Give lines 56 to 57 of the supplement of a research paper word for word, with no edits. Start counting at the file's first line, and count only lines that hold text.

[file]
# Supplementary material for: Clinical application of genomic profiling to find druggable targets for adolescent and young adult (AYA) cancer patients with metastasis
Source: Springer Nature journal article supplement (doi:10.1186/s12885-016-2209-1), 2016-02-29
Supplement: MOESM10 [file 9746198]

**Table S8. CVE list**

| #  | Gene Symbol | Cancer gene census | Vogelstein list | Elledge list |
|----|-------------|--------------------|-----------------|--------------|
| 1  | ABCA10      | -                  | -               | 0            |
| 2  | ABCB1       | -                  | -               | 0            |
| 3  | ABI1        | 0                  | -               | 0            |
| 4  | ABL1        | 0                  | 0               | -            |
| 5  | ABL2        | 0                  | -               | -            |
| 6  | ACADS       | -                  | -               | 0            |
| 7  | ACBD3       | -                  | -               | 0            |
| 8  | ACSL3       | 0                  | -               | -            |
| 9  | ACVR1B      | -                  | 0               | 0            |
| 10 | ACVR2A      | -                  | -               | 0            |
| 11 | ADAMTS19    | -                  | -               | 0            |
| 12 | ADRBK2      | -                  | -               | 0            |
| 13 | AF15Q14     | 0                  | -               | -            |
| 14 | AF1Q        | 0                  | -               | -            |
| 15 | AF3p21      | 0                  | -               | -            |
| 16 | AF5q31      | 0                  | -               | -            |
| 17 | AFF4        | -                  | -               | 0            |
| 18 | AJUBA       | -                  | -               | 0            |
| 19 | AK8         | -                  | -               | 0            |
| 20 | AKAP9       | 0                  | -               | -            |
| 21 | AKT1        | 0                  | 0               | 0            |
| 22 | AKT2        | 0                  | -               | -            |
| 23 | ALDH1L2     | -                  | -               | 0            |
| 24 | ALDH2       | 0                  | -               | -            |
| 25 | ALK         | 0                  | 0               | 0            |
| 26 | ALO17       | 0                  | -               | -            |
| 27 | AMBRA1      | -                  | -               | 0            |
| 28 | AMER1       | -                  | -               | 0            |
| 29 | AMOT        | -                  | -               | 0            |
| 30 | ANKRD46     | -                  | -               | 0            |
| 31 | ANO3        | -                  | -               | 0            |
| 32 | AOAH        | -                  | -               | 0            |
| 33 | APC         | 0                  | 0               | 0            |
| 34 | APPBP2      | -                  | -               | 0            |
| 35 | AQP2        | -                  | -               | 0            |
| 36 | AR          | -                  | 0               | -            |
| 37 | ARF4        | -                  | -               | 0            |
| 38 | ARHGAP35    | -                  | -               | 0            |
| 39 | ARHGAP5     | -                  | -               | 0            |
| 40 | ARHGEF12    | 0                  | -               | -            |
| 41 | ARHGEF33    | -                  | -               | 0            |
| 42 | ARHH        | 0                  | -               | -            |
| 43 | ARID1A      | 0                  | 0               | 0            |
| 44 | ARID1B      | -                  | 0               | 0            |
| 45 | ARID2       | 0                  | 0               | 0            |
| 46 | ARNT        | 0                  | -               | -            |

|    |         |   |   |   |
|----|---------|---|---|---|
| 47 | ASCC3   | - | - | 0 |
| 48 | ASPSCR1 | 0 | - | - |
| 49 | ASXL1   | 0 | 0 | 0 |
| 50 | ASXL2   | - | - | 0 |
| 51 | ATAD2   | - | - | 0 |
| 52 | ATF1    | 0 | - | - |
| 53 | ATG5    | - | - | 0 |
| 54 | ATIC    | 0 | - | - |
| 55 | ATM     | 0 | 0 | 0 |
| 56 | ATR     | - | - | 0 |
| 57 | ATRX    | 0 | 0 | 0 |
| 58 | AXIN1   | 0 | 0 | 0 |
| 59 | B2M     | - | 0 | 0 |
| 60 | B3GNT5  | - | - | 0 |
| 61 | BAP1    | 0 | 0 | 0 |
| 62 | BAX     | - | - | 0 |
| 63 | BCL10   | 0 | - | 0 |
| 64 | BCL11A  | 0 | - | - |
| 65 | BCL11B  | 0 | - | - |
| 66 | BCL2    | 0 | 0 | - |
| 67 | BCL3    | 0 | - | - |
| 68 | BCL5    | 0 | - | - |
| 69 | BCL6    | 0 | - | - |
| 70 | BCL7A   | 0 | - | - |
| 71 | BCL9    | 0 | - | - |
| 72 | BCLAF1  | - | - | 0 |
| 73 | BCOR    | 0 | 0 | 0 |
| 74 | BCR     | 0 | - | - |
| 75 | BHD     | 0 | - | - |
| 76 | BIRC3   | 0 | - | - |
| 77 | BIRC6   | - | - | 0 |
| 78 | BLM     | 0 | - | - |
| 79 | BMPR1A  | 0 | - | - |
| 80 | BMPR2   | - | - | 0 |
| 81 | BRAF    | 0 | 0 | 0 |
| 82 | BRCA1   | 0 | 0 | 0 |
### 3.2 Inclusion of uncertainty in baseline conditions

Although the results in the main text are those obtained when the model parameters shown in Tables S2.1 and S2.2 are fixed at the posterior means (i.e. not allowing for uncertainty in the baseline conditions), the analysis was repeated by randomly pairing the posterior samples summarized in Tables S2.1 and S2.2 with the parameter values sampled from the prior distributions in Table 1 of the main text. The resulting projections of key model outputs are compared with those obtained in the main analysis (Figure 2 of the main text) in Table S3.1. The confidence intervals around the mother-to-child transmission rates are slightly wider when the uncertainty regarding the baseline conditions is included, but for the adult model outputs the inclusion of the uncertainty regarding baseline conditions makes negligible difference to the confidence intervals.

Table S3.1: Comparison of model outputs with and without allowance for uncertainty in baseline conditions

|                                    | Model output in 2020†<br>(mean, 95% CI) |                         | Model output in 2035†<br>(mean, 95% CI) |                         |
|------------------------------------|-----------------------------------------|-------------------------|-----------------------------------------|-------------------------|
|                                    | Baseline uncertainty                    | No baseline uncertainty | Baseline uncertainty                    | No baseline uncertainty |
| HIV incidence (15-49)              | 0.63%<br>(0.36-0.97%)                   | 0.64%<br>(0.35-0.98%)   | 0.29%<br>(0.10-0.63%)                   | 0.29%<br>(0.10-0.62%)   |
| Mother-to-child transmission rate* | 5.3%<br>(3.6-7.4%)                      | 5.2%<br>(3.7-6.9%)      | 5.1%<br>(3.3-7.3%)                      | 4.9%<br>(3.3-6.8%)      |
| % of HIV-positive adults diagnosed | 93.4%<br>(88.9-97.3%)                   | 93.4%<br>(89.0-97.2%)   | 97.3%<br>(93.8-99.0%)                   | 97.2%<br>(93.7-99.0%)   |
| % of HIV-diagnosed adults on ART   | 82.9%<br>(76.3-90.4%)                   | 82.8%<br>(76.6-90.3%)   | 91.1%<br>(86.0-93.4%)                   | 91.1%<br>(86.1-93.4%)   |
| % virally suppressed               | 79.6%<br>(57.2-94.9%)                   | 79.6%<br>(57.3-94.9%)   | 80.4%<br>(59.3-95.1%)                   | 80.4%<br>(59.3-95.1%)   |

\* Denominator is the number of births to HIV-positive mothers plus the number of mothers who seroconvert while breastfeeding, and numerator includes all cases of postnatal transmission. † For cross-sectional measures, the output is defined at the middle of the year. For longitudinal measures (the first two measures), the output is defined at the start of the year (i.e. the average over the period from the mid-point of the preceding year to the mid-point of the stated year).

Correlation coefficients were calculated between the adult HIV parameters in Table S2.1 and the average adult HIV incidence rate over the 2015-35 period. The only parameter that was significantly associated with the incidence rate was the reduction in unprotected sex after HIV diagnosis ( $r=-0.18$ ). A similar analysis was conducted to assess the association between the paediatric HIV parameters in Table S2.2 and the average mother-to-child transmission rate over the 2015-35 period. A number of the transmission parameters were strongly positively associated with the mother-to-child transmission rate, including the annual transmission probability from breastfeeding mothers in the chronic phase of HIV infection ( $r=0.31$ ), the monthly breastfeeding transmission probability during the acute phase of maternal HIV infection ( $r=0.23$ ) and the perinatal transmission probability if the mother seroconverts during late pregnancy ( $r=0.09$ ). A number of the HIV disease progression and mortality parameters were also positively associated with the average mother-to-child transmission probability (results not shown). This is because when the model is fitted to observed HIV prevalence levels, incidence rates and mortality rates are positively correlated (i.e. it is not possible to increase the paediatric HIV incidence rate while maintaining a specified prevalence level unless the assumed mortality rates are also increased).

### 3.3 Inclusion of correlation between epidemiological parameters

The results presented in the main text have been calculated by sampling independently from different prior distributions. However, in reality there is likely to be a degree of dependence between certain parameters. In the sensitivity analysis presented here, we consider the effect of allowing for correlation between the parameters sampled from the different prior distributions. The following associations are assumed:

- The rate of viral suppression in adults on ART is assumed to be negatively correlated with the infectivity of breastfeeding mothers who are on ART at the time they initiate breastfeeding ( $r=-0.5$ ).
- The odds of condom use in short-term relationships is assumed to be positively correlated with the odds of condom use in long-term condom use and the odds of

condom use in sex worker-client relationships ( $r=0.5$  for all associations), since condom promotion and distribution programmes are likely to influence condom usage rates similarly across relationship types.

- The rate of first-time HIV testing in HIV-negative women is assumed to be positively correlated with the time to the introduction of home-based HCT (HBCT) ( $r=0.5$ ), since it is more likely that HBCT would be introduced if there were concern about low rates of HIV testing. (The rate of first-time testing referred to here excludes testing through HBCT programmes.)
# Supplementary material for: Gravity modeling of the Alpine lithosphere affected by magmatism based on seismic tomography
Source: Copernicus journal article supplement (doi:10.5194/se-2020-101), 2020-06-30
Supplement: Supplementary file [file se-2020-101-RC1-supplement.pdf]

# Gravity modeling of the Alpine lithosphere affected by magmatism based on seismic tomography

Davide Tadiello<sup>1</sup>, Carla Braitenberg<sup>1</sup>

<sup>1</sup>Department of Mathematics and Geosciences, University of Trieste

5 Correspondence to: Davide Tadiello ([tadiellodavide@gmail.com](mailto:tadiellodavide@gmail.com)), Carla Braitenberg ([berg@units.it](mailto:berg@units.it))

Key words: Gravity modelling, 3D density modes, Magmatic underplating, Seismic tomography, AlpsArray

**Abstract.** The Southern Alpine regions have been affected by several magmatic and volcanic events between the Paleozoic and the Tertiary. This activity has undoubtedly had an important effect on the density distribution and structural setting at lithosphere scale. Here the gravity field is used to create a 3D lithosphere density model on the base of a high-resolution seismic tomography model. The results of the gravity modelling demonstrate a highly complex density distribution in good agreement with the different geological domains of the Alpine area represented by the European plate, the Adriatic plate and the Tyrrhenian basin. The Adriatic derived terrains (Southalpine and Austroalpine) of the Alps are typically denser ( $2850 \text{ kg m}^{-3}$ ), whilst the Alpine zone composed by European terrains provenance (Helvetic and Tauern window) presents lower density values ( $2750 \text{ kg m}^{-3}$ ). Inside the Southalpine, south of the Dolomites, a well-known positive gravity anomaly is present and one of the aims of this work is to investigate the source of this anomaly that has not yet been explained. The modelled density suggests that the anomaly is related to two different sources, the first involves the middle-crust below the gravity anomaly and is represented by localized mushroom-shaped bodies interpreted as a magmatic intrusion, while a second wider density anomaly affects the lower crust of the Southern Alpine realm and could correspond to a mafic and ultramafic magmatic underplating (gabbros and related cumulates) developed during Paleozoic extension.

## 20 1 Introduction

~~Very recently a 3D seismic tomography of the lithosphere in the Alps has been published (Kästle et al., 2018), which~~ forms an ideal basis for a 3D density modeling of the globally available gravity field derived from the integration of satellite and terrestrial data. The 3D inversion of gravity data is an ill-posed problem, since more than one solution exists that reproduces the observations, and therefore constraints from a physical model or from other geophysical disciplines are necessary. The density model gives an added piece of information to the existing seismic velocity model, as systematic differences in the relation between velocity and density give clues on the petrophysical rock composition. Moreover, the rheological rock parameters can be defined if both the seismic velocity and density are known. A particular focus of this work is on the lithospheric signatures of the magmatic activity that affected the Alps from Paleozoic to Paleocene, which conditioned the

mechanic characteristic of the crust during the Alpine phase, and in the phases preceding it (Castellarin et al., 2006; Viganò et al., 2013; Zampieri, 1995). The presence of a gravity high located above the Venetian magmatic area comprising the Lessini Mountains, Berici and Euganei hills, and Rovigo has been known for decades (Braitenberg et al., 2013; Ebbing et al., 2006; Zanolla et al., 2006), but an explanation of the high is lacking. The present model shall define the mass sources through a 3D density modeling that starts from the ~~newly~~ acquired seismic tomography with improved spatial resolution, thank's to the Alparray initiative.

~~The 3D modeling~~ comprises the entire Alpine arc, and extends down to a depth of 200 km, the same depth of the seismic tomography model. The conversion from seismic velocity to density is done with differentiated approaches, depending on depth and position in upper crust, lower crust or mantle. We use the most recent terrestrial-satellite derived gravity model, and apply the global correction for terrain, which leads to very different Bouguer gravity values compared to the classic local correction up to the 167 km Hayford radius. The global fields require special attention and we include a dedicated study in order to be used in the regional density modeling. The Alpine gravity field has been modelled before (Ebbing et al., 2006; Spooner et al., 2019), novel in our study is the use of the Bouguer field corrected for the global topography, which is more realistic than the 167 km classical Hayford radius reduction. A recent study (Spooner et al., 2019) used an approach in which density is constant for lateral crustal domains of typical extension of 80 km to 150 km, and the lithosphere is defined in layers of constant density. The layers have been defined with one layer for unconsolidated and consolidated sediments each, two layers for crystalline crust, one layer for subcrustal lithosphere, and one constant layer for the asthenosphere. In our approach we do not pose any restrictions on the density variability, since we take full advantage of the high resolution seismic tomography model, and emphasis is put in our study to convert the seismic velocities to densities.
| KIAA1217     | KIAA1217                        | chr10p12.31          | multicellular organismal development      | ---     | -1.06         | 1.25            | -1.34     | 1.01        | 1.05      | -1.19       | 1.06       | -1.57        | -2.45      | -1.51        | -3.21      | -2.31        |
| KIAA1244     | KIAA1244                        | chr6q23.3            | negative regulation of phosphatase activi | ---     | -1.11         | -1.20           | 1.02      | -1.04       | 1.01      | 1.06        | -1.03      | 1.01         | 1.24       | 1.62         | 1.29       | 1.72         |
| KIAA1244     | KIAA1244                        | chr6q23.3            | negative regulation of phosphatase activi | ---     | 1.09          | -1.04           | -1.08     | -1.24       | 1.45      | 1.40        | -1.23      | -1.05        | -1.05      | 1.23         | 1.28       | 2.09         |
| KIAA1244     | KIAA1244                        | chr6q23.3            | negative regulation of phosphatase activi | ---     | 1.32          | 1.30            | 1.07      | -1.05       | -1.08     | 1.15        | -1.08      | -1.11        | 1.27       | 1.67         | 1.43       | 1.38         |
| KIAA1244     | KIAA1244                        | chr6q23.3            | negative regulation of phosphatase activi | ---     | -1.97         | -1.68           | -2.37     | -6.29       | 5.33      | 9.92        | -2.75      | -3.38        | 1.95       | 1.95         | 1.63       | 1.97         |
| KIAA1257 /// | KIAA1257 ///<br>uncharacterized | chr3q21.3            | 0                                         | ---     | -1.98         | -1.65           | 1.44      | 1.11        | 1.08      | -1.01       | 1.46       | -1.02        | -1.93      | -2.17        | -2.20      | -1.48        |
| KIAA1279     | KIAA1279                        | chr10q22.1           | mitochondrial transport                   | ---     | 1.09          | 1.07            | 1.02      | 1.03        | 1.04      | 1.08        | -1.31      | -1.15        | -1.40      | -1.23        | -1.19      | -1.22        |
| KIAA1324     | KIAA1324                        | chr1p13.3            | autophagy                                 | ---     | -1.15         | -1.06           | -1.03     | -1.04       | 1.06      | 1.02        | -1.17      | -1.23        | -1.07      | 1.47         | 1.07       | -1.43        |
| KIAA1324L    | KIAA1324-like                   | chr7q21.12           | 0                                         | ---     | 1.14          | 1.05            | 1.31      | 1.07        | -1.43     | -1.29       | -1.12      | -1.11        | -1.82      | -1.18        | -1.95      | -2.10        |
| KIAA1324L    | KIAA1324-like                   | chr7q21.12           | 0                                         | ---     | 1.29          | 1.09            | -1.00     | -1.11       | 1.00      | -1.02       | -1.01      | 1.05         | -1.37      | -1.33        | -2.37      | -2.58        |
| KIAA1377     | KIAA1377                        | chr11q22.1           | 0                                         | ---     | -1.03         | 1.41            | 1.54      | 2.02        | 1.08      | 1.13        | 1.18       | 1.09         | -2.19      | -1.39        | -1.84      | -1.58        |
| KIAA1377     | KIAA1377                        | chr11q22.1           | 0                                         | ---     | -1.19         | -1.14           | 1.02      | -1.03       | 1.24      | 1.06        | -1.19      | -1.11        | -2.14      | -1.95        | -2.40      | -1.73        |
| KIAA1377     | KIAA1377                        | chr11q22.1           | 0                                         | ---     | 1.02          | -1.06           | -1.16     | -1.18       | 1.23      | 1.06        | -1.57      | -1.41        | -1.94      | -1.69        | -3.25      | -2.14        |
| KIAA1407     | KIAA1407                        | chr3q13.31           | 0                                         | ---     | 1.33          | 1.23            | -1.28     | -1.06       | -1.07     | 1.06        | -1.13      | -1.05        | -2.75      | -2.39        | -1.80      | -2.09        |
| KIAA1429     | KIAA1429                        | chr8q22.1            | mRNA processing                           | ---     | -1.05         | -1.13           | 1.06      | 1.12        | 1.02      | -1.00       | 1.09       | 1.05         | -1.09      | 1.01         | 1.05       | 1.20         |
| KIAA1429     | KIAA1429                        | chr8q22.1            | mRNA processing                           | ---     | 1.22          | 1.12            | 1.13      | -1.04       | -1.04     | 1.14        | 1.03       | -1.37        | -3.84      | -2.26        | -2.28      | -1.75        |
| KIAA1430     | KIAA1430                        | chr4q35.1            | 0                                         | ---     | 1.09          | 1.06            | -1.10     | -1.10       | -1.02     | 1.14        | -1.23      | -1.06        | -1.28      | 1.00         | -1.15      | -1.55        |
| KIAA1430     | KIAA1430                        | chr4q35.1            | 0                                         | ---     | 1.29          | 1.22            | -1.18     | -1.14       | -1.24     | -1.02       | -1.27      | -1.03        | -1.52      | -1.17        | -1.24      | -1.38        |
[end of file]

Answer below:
| 48 | ASPSCR1 | 0 | - | - |
| 49 | ASXL1   | 0 | 0 | 0 |